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Utah Blaze’s wins have put them in rarefied air


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Tysson Poots thought he hadn’t heard right when his Utah Blaze teammates first told him he was a candidate for the Arena Football League’s Rookie of the Year.

But Poots — as well as the rest of the team — is slowly growing a bit more used to the attention that comes with winning.

At a glance

Utah Blaze at Philadelphia Soul

Kickoff » Sunday, 4:05 p.m.

TV » None

Radio » 97.5 FM

Records » Blaze 12-5; Soul 14-3

Noteworthy » Utah looks to seal a home playoff game by beating the No. 2-ranked Soul in the regular-season finale.

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"I was really surprised, because I only played 10 games," the wide receiver says. "I guess they’re starting to pay attention to us over here in Utah."

For much of the season, many Blaze players have recited the same company lines: No one believes in them. No one knows how good they are. They’re not getting respect around the league. People think their wins are flukes.

But in hitting their stride with a six-game winning streak in the second half of the season, the Blaze (12-5) have helped themselves to the respect they feel they deserved from the start.

They’re ranked the No. 3 team in the coaches’ poll. Poots is a strong Rookie of the Year candidate, and quarterback Tommy Grady could be the favorite to win league MVP. Even coach Ron James is up for Coach of the Year.

But the attention and accolades have put Utah in the unfamiliar position of being one of the front-runners.

"We definitely started out the season as hunters," Poots says. "Now we’ve got to watch our backs."

There’s been a slight uptick in media attention for the franchise, and within the league, as the Blaze are being considered more seriously as title contenders.

James will be the first to insist that although Utah’s profile is rising, it hasn’t affected the way the team goes about its business.


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"It changes the dynamic a bit, but we’re not concerned with perception," James says. "We’re still not the No. 1 team, and our goals are ahead of us. Rankings don’t mean anything without a championship."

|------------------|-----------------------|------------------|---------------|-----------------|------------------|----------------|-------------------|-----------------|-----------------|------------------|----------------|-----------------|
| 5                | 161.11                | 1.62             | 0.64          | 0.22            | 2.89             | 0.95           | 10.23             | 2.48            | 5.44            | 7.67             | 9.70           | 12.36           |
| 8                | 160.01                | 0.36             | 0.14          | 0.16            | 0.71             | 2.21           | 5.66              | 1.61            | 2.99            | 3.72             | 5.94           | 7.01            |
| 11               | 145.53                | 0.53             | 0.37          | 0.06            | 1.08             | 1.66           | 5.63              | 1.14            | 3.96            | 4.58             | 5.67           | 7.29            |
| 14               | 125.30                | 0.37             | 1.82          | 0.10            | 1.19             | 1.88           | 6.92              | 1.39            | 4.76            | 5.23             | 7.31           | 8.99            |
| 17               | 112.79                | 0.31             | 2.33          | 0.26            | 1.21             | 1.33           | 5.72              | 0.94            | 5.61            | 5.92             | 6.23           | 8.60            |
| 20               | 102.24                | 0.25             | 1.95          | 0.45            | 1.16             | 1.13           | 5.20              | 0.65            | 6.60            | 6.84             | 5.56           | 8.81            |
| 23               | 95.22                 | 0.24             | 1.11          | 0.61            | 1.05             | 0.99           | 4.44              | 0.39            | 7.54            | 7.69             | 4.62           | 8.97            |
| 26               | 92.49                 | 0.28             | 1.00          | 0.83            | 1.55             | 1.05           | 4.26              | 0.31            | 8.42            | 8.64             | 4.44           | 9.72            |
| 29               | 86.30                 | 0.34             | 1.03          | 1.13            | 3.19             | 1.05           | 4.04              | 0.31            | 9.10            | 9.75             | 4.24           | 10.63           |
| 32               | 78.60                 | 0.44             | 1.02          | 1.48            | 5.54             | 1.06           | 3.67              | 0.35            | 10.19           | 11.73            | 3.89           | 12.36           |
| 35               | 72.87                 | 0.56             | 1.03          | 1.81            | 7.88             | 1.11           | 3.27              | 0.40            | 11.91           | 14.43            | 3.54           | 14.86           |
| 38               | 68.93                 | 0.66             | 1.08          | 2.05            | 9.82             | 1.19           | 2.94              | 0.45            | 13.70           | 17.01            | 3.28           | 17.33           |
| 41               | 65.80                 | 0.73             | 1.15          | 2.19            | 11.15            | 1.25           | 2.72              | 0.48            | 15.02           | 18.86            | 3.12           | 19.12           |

It was appropriate, then, that the Blaze get to play one of the two teams with a superior ranking and record Sunday: the Philadelphia Soul (14-3). The team has been one of the most visible franchise in the AFL — known well for former owner Jon Bon Jovi, but also laying claim to five NFL Network games last year.

Although the Blaze insist the game isn’t a "statement" game, there’s some undeniable motivation to win. A victory earns them home-field advantage in their first playoff game.

"There’s a lot on the line," cornerback David Hyland says. "We’re looking to keep momentum going, and hopefully show the rest of the league what we can do."

The Soul are hot themselves — they are only higher-scoring offense in the league than the Blaze, and on a seven-game winning streak.

Blaze linebacker Mike Lewis said the team is trying to cut back on "bulletin board" material, but couldn’t help dropping in a few jabs before facing one of the toughest opponents of the season.

"I mean, I respect those guys, but at 6 o’clock [Eastern] on Sunday, that respect is gone," Lewis said. "They’re going to be cocky and confident. … But it’s all about Sack Lake City — that ain’t gonna change."

kgoon@sltrib.com

Twitter: @kylegoon



Copyright 2014 The Salt Lake Tribune. All rights reserved. This material may not be published, broadcast, rewritten or redistributed.

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